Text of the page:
Q&A: Crescit Capital Strategies
Joe Iacono, Chief Executive Officer of Crescit Capital Strategies, offers thoughts on opportunities in the hotel industry and how the impact of the COVID-19 pandemic differs from the 2008-09 financial crisis.
Q: Tell us about Crescit Capital Strategies.
A: We're predominantly a middle-market capital provider operating in and around major markets throughout the United States. Our primary activities include making first mortgage loans, mezzanine loans, preferred equity investments and seeking opportunistic transactions, including distressed portfolios, distressed loans, and distressed sellers of loans.
Q: How does the COVID-19 crisis differ from the 2008-09 financial crisis?
A: There's more liquidity in the system today than there was during the 2008-09 financial crisis. The government responded faster to this crisis – in part, because it had the playbook from the 2008-09 financial crisis – and this resulted in the capital markets, equity markets, and bond markets stabilizing and recovering most of their value reasonably quickly.
Also, I think the dichotomy between underlying economic fundamentals, including employment and small business performance, versus what is happening in the capital markets is greater than during the financial crisis. I think that we've yet to feel the pandemic's full impact on real estate.
As far as underwriting loans today, to some extent, it's an issue of timing. If you believe that the health crisis is finite, one must project the financial impact and how long it will take to recover once there's a vaccine. Most people agree that hotels will come back at some point and that people will travel and stay in hotels again.
Part of the solution is to require larger interest and operating reserves, and you are probably underwriting little, if any, rent growth because you don't know how long it will take for things to recover. The overall result is more conservative underwriting to account for value adjustments to the underlying assets.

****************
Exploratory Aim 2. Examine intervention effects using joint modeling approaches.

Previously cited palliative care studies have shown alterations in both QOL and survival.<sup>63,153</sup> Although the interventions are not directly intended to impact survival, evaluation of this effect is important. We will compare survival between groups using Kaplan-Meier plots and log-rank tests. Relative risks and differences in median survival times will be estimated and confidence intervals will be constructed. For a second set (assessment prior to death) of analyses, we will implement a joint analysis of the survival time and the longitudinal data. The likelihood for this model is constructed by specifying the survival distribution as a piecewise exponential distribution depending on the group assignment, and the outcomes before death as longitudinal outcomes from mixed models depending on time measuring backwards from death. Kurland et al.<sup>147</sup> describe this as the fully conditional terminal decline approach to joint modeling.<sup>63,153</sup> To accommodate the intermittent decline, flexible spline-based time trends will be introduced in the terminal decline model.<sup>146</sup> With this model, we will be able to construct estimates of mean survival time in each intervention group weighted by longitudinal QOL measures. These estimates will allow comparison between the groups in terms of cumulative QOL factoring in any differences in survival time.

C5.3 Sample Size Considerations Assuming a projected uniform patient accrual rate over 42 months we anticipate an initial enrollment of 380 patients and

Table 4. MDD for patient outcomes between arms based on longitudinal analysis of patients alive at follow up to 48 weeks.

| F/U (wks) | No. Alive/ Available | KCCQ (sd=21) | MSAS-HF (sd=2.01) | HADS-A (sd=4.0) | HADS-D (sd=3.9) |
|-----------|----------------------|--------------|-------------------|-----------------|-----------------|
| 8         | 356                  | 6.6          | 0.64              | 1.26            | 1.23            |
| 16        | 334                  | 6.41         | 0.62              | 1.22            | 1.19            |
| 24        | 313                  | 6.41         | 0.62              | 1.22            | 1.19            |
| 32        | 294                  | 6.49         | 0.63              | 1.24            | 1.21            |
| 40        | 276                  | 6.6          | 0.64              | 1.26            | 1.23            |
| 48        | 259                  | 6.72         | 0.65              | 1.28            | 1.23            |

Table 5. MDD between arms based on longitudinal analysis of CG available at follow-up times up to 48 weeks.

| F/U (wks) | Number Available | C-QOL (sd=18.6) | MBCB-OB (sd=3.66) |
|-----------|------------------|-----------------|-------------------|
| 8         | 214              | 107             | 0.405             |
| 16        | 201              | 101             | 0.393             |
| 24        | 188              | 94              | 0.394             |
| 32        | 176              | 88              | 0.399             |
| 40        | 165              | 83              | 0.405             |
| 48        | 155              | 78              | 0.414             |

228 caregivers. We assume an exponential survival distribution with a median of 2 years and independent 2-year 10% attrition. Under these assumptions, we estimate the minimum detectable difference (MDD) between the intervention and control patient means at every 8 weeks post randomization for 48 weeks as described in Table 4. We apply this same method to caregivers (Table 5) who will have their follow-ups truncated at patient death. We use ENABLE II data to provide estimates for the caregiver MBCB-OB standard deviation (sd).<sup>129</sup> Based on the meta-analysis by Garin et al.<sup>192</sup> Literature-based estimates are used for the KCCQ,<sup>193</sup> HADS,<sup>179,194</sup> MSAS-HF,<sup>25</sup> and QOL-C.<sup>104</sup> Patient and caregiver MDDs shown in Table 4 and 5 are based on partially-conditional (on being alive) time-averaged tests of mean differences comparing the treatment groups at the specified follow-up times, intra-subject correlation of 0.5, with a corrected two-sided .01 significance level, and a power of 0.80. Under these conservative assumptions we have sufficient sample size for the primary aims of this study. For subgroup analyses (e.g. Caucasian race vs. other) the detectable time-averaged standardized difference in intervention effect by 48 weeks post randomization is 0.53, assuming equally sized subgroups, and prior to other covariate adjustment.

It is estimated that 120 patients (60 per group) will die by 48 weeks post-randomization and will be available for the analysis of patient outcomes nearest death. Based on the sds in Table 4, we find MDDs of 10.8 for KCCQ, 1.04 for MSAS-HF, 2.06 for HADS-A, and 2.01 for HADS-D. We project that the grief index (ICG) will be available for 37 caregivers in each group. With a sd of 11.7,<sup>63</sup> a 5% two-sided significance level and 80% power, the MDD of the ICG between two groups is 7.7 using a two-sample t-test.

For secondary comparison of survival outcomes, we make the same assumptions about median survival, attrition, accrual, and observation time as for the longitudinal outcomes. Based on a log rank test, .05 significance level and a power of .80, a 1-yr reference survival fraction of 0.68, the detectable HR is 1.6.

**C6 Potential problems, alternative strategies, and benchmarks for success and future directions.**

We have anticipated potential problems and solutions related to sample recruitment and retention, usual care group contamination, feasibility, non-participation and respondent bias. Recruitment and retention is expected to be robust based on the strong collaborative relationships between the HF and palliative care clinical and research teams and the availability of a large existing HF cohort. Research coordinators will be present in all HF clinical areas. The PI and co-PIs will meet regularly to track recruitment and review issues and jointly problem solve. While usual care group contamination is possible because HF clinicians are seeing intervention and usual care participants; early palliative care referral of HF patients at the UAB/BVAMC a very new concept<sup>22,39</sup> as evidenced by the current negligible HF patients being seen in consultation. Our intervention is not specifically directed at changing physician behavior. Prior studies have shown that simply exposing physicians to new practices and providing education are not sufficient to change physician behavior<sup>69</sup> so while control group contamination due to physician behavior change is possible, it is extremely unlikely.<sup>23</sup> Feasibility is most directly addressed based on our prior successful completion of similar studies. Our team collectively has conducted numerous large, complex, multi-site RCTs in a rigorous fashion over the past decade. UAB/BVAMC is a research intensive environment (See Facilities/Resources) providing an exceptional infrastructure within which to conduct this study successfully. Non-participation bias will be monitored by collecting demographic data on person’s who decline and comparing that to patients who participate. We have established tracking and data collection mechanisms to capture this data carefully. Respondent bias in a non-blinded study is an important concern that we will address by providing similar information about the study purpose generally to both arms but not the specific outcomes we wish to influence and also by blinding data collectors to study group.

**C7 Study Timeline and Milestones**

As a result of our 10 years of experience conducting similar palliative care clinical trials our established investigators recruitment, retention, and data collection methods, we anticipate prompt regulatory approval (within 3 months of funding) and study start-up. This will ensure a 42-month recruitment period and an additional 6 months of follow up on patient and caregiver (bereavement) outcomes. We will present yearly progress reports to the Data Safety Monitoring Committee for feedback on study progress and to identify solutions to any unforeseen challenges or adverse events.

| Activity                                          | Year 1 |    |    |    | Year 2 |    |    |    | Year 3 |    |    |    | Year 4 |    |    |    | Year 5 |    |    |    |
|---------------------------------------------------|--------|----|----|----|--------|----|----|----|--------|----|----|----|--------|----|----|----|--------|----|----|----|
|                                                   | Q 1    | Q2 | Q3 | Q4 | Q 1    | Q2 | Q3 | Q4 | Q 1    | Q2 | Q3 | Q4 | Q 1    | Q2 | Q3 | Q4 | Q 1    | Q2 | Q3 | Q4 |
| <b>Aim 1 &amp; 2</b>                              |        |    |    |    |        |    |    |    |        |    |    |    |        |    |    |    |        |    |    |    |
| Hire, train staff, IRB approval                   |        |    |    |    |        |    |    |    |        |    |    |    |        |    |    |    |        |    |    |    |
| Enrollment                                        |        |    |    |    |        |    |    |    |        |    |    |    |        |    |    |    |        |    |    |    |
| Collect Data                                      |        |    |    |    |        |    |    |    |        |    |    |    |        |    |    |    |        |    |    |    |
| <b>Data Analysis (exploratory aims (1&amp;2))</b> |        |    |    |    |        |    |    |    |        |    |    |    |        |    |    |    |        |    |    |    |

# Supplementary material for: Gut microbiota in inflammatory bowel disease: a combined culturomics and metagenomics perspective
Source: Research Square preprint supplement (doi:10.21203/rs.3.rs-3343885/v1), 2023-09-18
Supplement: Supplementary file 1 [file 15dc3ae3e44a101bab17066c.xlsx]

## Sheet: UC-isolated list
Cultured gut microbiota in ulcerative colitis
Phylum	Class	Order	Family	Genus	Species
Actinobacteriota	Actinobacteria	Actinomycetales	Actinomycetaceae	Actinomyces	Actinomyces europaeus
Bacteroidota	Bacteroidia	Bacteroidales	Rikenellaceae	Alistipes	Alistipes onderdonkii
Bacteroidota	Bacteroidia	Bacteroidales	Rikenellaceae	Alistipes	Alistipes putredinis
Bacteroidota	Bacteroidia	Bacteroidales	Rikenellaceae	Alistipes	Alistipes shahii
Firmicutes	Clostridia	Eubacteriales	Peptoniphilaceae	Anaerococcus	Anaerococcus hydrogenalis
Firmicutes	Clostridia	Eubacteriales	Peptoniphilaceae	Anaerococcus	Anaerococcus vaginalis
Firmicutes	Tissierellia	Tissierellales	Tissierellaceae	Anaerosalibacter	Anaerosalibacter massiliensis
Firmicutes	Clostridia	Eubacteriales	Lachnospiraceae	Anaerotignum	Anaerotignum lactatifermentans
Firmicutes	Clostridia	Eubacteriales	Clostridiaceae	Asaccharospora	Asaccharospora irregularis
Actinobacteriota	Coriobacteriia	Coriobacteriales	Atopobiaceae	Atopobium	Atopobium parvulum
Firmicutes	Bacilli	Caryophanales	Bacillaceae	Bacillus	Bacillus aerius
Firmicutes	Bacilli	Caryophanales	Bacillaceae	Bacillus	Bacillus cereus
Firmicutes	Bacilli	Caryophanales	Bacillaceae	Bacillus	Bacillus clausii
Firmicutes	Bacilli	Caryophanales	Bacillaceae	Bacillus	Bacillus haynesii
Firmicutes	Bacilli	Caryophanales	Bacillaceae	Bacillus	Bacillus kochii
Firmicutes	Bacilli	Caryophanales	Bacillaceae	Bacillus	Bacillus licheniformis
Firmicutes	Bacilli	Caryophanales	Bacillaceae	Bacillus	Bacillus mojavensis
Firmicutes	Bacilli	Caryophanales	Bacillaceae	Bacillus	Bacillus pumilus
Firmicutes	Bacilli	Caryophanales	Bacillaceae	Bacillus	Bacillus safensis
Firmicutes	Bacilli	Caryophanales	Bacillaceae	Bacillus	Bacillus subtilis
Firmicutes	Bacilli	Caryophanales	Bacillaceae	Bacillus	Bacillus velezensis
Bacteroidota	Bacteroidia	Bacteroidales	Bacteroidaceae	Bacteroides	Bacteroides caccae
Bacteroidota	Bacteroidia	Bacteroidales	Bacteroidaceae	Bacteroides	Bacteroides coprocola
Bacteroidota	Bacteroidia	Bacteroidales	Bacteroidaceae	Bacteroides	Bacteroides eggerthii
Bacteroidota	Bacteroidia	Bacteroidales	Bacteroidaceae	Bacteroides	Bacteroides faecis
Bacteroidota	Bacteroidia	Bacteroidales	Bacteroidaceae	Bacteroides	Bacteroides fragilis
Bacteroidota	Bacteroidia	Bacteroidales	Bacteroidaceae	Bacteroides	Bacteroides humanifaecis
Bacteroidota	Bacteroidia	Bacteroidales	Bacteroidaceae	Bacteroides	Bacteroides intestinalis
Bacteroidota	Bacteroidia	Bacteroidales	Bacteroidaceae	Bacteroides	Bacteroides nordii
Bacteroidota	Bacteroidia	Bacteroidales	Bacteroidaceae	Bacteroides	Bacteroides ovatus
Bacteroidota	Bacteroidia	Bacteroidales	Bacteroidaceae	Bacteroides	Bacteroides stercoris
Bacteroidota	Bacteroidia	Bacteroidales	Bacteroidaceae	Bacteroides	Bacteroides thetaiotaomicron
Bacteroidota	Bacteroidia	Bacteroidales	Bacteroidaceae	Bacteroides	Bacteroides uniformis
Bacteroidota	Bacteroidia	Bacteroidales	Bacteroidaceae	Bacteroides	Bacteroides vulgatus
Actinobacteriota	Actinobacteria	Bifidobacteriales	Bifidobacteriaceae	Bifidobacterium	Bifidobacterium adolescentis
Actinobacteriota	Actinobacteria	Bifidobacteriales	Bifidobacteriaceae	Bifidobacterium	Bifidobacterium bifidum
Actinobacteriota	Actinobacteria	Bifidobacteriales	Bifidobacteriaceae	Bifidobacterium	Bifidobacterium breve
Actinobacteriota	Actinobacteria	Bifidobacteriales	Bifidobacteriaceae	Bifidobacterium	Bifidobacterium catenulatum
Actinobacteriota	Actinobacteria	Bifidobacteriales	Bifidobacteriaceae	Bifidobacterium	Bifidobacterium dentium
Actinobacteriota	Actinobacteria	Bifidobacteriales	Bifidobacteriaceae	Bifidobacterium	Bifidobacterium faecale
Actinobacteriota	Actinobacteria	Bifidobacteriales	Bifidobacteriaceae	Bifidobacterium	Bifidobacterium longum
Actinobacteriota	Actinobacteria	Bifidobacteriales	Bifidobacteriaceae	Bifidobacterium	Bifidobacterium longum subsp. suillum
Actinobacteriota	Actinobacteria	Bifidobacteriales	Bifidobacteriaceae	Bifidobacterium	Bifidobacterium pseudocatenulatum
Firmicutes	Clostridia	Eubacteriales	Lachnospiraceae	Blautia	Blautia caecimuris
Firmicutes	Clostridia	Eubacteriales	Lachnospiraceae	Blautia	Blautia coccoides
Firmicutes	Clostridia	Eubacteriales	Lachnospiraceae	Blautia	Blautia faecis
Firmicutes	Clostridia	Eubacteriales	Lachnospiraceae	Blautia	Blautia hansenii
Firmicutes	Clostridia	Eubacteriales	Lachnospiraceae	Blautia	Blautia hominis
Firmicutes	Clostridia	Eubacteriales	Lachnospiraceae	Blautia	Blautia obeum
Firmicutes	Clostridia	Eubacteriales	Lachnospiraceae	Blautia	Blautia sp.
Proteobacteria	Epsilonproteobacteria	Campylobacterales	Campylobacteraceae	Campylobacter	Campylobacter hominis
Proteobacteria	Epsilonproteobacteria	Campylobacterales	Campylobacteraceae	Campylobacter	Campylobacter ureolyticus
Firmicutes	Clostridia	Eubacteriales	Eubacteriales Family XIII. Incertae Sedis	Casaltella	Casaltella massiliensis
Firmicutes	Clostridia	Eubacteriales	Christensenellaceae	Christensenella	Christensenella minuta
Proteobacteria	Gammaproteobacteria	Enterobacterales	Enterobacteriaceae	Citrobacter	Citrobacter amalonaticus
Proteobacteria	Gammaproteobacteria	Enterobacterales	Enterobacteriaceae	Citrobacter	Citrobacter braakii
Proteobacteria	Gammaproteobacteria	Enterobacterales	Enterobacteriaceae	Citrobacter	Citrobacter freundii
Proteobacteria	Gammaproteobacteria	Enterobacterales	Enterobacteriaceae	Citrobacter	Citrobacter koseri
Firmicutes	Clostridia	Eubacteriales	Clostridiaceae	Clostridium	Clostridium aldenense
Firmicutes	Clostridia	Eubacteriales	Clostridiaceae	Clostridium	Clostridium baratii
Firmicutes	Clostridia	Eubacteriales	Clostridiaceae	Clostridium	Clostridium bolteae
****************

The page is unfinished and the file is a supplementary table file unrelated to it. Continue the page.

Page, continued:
As far as the retail industry that was already experiencing issues pre-COVID around long-term demand, it is much tougher to project how things will look.
Q: Would you lend on a hotel in today's environment? What factors would you consider?
A: Yes, if the hotel asset was sound pre-COVID. I believe that the hotel industry will come back and that it is an interesting opportunity in today's market. While it has been among the hardest hit, it is a matter of timing and projecting carry costs until there is a return to normalcy.
Q: How do you see behavioral changes born out of the pandemic impacting certain asset classes long-term?
A: For offices, you can make as strong a case for companies requiring more space in the future as you can for them needing less space. I believe companies will require a larger footprint to keep employees spread out; however, we're also going to see companies become more tolerant and supportive of working remotely. I still believe that companies will require that employees spend some portion of their time working on site. Companies recognize that it is difficult for employees to collaborate, generate new ideas, and produce innovations while working remotely. I don't think that we're going to see the pendulum swing to such a degree that companies lose sight of the benefits of in-person working. If there is a contraction in the office space, I don't think it will be as big as one would think.
Q: What do you see in the market for loan modifications?
A: Generally, the banks have been extending and modifying loans to accommodate borrowers, while borrowers are inundating CMBS lenders with modification and extension requests. Whether the servicers are being responsive appears to depend on the servicer itself and the nature of the transaction. The GSEs were the first to provide forbearance, and there is not as much distress in that space. In some respects, the approach taken by the banks, CMBS lenders, and GSEs is working. The real question is: for how long?
Q: If you held a troubled hotel loan, what would you be looking to do with it? Is it too early to sell the note?
A: Every lender is dealing with this issue a bit differently. Most lenders that can hold their notes are not selling. For some lenders, it also depends on if they are getting margin calls from their repo or warehouse lenders. We saw this play out in the early stages of the crisis, where some lenders were forced to sell assets to generate cash. In the few sales we have seen thus far, lenders have obtained high dollar prices for hotel loans. In most of these cases, the buyers are owner/operators who like the loan basis and are prepared to own the assets. There seems to be a lot of capital in search of these types of opportunities. Today, there are not enough sellers. I expect this will change in the coming months.